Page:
Climate Region

Moist temperate

Moist cool

Dry cool

Northland Auckland Waikato Bay of Plenty Gisborne/East Coast Hawke’s Bay Taranaki Whanganui Manawatu Wairarapa Wellington Nelson and Bays Marlborough West Coast South Canterbury/North Otago Otago Southland

Check your answers.

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climate

key points

Climate is the average annual pattern of rainfall, temperature, frosts, wind speed and direction in an area. Moist temperate: areas with good rainfall all year round, and a mild climate. Moist cool: areas with good rainfall all year round, and cold temperatures especially in the winter. Dry cool: areas with lower rainfall, especially in summer, and cold temperatures in the winter. The west side of New Zealand tends to have a higher rainfall. The east side of New Zealand tends to have a lower rainfall.

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5 dairy farms learning outcome

You will describe and explain how physical factors and climate factors influence the location of primary production systems.

learning intentions In this lesson you will:

•• explain why the daily routine of a dairy farm requires animals on flat land •• explain why good pasture growth is needed •• locate the four main dairying areas in the North Island and the two main areas in the South Island •• describe modifications needed for farming dairy cows in dry areas such as Canterbury.

water on a dairy farm

Dairy farmers make money from cows producing milk. Rainfall is important for dairy farms as it directly affects water supply. A good water supply is needed to keep grass growing well throughout the season and keep cows milking. Cows drink a lot of water, and the milking shed and milking equipment are washed down every time they are used.

a typical dairy farm day

john nisbet

Very early in the morning, cows are brought into the milking shed.

These cows are walking towards the farm dairy to be milked.

dave jackson

Milking is done by machine. A lot of water is used to keep the milking machinery hygienic and the shed clean.

Milking machines and sheds are kept very clean.

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dairy farms

Once milked in the morning, the cows return to graze until late afternoon. The cows may be given supplementary feed such as hay or silage to keep them in good condition and to keep milk production high. This supplementary feed has been produced on the same farm. dave jackson

The cows are again brought in to the milking shed late in the late afternoon. These cows have been given silage to supplement their diet.

dave jackson

Once the milk has been collected a milk tanker comes once a day to collect milk and take it to a dairy factory or collection point.

This milk tanker collects milk once a day on this farm.

This routine of twice daily milking occurs nine months of the year on most dairy farms. In the winter some farmers stop milking the cows for three months before their new calves are born. This is called ‘drying off’. Some farms supply milk all year around. In this case, part of the herd is milked over winter. Dairy farms are different from a lot of farms because: •• Animals are moved twice daily. •• Dairy cows graze heavily when producing milk. Each cow is worth seven stock units and needs a lot of pasture to keep its milk production high. •• Farms are on flat land where it is easier to grow more grass as the soils are usually more fertile. •• A lot of water is used to clean equipment and for the cows to drink, about 130 litres per cow per day. •• Produce (milk) is collected every day by a tanker.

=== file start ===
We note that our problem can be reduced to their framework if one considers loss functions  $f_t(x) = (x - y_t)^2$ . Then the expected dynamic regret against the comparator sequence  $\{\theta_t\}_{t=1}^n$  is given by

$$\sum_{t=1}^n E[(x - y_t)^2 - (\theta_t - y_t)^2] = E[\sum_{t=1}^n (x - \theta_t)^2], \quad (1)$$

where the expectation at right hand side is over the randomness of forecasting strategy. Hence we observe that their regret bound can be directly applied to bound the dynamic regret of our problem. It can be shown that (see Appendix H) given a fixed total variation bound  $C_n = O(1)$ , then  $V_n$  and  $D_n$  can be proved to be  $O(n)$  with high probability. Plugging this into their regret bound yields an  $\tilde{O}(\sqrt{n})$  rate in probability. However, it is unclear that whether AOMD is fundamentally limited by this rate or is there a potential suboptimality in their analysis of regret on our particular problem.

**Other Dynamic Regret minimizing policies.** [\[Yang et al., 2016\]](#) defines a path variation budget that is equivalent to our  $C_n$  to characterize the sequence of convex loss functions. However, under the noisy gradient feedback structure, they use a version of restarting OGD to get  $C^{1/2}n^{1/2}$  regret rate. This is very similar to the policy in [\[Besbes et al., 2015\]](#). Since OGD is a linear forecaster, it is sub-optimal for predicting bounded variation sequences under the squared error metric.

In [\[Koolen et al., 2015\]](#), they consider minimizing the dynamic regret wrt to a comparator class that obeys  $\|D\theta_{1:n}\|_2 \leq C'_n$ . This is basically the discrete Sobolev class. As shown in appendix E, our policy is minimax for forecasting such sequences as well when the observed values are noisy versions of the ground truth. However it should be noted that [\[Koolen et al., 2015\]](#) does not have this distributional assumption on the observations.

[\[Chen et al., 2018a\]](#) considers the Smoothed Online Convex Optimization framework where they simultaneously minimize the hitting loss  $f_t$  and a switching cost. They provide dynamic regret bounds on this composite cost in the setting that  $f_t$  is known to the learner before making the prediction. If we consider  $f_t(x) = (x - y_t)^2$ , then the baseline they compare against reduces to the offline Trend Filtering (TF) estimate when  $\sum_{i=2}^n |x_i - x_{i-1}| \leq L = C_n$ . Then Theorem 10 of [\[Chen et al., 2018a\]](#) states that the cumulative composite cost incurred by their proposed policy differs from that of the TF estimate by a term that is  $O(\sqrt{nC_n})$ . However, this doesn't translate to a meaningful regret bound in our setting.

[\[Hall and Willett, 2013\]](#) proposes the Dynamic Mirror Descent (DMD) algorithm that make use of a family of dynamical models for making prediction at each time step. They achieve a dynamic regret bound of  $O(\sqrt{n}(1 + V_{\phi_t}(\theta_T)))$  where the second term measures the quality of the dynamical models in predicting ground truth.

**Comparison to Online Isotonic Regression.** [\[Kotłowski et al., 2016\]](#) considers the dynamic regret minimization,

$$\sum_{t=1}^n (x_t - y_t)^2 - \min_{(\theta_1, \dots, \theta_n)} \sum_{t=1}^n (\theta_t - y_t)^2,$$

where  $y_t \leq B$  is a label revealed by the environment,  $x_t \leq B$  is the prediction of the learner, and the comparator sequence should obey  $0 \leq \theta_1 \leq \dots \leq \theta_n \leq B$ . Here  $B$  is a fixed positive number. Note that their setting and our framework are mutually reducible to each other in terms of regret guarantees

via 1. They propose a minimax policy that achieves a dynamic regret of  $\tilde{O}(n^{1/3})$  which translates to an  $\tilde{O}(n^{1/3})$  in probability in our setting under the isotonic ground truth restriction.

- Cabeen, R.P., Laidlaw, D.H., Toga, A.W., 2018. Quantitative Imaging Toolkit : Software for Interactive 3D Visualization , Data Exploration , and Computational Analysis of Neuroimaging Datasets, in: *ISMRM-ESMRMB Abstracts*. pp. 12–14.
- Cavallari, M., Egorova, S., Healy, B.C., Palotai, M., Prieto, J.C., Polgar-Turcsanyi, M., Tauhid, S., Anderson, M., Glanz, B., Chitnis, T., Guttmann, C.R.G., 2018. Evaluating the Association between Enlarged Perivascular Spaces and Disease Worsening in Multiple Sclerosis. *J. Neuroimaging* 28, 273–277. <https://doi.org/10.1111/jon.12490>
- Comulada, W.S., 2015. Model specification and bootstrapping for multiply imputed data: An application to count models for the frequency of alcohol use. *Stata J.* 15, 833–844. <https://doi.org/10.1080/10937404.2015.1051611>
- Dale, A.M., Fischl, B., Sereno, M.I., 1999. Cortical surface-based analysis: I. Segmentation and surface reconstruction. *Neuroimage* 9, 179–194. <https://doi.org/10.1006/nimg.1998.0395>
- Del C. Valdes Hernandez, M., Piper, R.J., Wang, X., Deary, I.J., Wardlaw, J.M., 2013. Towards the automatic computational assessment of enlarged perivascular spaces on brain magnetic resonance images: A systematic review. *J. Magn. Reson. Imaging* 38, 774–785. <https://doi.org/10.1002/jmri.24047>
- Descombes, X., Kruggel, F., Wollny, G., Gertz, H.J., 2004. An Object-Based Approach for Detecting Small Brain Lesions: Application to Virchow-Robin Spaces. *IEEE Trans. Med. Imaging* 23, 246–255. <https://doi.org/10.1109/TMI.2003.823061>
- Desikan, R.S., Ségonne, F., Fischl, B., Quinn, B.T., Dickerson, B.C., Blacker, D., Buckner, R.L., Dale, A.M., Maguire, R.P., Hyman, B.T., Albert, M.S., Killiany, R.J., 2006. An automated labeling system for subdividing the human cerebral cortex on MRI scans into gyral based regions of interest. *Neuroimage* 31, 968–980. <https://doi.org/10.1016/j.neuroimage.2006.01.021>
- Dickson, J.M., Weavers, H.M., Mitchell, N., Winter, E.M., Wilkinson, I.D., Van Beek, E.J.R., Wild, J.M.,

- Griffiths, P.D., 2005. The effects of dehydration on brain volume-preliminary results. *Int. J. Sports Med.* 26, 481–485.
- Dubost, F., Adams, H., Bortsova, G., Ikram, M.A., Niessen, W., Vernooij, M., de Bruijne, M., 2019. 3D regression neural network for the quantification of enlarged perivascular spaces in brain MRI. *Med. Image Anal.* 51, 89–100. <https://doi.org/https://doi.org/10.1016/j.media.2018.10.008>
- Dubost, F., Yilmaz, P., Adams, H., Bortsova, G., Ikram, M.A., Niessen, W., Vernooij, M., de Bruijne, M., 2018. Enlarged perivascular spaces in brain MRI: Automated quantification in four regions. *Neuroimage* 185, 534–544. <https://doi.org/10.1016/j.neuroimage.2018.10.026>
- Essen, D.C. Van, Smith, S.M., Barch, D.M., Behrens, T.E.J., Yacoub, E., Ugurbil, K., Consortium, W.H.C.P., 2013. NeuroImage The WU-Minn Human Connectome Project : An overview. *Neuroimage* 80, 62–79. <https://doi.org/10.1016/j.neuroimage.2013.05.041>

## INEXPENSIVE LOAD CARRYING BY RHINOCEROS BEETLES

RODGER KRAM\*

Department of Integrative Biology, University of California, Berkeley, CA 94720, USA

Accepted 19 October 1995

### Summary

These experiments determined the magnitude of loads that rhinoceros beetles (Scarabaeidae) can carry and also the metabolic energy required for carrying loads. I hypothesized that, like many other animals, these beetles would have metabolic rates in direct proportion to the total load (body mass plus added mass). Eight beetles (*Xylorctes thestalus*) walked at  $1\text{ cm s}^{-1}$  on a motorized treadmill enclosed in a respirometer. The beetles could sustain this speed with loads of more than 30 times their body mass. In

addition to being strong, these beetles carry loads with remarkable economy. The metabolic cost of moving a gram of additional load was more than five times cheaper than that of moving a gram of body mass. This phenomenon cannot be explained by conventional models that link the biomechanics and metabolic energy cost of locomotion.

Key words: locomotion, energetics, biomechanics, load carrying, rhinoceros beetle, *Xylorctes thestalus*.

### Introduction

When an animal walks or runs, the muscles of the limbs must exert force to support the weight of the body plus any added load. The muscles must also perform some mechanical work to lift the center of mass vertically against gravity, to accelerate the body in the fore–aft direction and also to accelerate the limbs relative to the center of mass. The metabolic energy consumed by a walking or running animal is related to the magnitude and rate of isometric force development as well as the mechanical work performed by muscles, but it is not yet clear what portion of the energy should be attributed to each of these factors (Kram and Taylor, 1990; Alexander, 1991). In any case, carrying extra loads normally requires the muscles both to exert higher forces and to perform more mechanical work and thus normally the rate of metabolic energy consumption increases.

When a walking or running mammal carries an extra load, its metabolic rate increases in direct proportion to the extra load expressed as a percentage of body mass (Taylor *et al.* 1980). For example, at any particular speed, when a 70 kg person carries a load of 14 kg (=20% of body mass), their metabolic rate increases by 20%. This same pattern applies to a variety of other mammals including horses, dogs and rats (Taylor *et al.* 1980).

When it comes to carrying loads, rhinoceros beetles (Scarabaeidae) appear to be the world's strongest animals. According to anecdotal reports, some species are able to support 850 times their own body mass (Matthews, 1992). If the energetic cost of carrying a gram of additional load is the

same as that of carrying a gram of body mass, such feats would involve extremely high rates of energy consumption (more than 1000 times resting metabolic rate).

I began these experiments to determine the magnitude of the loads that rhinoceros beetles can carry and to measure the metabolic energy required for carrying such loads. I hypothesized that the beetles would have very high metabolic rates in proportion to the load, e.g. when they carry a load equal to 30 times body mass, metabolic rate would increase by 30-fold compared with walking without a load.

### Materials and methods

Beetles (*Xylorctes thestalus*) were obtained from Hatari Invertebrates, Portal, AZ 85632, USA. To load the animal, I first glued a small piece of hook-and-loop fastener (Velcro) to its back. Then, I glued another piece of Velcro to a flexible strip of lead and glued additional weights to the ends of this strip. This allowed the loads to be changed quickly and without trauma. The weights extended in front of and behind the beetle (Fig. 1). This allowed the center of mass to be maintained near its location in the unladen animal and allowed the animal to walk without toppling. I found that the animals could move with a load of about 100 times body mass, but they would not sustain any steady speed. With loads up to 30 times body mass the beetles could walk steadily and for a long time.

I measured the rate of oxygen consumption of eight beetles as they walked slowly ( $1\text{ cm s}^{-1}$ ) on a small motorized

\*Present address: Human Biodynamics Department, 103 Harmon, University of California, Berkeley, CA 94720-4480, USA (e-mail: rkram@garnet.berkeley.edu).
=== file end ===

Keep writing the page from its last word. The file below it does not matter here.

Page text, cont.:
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1. In5C this activity, you are to use topography 5B 5D 5E 5Fgoing 5G 5Hthe map 5I showing 5J 5K 5L on page 14, and the acetate

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sheets headed ‘Climate’ and ‘Soils’ to help you fill in the following table. Some of the table in for 6F you. 6G 6H 6B has 6Cbeen 6Dfilled6E 6I 6J 6K 6L •• Use the map on page 14 to fill in the topography column of the table.

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dairy farms

7D acetate 7E sheet 7F headed 7G ‘Climate’. 7H 7I Carefully 7J place 7K this 7L over the top of the map on •7C • Find the page 14. Now fill in the climate column on the table. 8C

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•• Remove the ‘Climate’ sheet. Find the ‘Soils’ sheet, and carefully place it on top of the map. Now fill in the soil column on the table. Area

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Topography

Northland

Climate

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Soil

All moist temperate

Taranaki

Mostly flat

Waikato Manawatu Whanganui Canterbury Southland

Number of Dairy Cows (2008) Northland Auckland Waikato Bay of Plenty Gisborne Taranaki Manawatu/Whanganui Hawke's Bay Wellington/Wairarapa Nelson and Bays West Coast Canterbury Otago Southland 0

2

4

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14 16 10 12 Number of cows (hundreds of thousands)

Graph of dairy cows in different regions (2008 figures).

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dairy farms

2. a. From the graph, state the four areas in the North Island that have the most dairy cows.

b. What are the two main dairying areas of the South Island?

c. Explain why these areas are used for dairy farming considering their topography, soil and climate.

dave jackson

3. Some of the dryer areas of the Canterbury Plains and other areas are being converted from sheep farms to dairy farms. This is because there is more profit to be made in dairy farming. The following photos show how water is used on dairy farms in a dry area. Beside each photo write one sentence to describe how water is being used. Write another sentence to explain why it is needed in each case.